I’m pretty sure that since the very first day my mom and dad brought me home from the hospital, my big sister Debbie has been trying to boss me around. As the typical ‘oldest child’, she likes to be in charge. As a result, she seems a bit annoyed every time I suggest that she is my ‘apprentice’ in the furniture workshop! Nonetheless, I am proud of her work on the hutch that she completed under my tutelage (LOL, she’s not going to like that! It’s true though.)
Debbie needed a small china cupboard for her new apartment. She left her old one behind in New Jersey because it had seen better days and it didn’t fit in the truck. I assured her that we could find something cheap on craigslist and make it fabulous. So one Saturday morning about a month ago, we sat down at the computer and found a sweet little Duncan Phyfe style piece for a mere $80!
It wasn’t in bad shape, just a little dated in appearance. The curved glass on the middle section is quite lovely. Debbie likes the simple lines of this piece. I tried to sell her on something with a little more detail on the top, but she liked this better.
So we unloaded it into my workshop and she got started. She removed all of the hardware and sanded lightly. I cautioned her against over-sanding because this looked like it could be a bleeder. And sure enough it was. When you have a piece that has orange or red stain that bleeds, you want to maintain the original varnish as much as possible to keep the stain sealed in. Your next option is to re-seal it with shellac or the Tough Coat Sealer. In the end, Debbie was able to get by with just a couple spots of sealer needed on the outside, which she painted in Annie Sloan’s French Linen. The inside was a different story. That required two coats of sealer to keep the stain from bleeding through the Fusion Lamp White that she used there. We also ended up removing the back to make it easier to paint the inside. It also made it easier for Ken to repair one of the glass stops that wasn’t holding the glass in place properly.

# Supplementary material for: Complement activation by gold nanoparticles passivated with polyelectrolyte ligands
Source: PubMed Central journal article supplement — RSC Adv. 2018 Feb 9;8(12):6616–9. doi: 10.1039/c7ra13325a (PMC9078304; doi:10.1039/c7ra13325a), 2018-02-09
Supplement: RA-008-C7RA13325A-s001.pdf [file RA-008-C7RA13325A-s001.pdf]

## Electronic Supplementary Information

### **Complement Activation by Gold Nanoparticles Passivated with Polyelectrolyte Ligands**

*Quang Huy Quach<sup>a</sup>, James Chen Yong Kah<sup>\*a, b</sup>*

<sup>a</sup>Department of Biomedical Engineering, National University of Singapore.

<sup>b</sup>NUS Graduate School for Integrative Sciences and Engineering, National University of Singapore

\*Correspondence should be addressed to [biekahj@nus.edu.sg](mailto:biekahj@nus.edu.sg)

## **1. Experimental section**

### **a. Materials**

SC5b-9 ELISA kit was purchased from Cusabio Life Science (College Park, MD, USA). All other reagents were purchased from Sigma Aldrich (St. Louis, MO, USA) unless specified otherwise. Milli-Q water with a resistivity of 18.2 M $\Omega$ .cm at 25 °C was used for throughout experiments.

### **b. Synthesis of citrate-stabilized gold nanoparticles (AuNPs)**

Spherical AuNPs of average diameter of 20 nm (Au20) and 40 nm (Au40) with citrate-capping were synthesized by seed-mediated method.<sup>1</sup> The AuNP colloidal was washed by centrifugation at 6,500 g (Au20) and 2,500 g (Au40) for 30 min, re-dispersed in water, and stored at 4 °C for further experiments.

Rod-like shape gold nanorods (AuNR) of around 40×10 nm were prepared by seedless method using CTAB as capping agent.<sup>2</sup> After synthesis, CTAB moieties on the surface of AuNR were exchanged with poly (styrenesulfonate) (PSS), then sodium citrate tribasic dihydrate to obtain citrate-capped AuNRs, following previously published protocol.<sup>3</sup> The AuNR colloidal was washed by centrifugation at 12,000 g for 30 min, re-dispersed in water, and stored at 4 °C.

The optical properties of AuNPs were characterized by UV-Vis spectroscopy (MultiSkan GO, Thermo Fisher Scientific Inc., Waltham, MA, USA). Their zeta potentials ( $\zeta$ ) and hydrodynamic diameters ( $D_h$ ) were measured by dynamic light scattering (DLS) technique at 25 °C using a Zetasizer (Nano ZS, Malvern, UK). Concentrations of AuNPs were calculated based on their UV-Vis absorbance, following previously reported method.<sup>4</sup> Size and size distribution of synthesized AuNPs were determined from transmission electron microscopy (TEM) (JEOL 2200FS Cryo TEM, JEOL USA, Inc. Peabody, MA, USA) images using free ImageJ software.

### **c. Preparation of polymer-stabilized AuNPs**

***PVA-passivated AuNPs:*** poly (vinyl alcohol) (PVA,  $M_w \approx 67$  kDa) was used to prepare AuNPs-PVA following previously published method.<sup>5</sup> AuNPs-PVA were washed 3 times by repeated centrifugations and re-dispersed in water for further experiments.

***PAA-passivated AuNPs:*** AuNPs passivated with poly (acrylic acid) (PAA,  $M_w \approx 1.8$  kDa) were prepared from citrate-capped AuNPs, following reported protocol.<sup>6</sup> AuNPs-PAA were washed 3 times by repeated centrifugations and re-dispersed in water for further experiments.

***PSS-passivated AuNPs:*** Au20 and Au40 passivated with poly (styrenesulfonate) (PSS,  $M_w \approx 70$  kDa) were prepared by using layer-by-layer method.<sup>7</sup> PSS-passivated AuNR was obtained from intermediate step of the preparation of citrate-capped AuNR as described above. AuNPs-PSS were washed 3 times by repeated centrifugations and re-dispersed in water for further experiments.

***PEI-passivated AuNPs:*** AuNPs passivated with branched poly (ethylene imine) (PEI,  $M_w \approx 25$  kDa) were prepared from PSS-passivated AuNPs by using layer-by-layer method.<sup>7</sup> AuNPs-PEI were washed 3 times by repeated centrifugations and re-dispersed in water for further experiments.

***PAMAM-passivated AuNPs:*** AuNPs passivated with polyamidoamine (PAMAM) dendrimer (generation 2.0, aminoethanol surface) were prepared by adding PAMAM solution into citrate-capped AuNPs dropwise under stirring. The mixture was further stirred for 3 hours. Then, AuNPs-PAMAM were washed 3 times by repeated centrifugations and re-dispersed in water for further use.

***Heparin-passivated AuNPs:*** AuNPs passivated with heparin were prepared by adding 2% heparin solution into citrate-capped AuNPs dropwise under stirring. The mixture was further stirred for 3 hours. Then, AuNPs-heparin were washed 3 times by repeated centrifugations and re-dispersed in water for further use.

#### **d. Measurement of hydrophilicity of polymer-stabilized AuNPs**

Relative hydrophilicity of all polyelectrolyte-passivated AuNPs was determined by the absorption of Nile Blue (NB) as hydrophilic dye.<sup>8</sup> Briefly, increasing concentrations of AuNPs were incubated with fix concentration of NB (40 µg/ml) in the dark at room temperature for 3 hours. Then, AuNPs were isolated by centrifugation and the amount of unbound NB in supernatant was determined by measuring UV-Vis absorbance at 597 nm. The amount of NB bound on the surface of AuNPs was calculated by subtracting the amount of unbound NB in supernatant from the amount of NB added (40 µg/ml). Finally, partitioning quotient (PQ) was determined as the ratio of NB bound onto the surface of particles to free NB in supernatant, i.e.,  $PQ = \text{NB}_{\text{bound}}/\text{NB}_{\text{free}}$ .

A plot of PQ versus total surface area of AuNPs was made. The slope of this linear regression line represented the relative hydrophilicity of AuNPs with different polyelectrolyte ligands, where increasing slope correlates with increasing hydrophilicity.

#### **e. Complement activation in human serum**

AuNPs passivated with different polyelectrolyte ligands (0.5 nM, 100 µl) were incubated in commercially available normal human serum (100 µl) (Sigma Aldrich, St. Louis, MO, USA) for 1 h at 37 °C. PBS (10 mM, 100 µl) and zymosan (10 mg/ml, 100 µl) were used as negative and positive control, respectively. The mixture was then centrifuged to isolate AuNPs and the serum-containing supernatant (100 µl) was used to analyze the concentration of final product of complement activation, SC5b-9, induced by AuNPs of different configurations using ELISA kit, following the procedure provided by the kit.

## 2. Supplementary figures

So much better, right? By the way, Debbie calls it a ‘china closet’. I suspect this might be an east coast thing. I’ve always called these china cupboards, or hutches. What do you call them?
And FYI, I thought I’d leave all of the reflections in the glass rather than erasing them with some editing software. It makes for a fun detective project to figure out what you can see reflected there. The turquoise t-shirt and white shorts? That’s me. You can also see Debbie texting, my old car (I just got a new one this week!), the carriage house … and more!
I hoped that Debbie would take my suggestion and add a stencil to her cabinet, and she did. The “Family and Friends gather here” stencil seemed particularly perfect for a china cupboard.
Debbie finished the piece using my custom blended dark wax.
She spent nearly as much on paint products as she did on the cupboard itself. The Annie Sloan paint was $40, the Fusion paint was $20 and the Tough Coat Sealer was around $15. But she has more than enough of each of them left to paint some chairs for her dining table … her next project. And even at $155 this was a bargain.
Didn’t she do a great job? She should let me boss her around more often, don’t you agree?!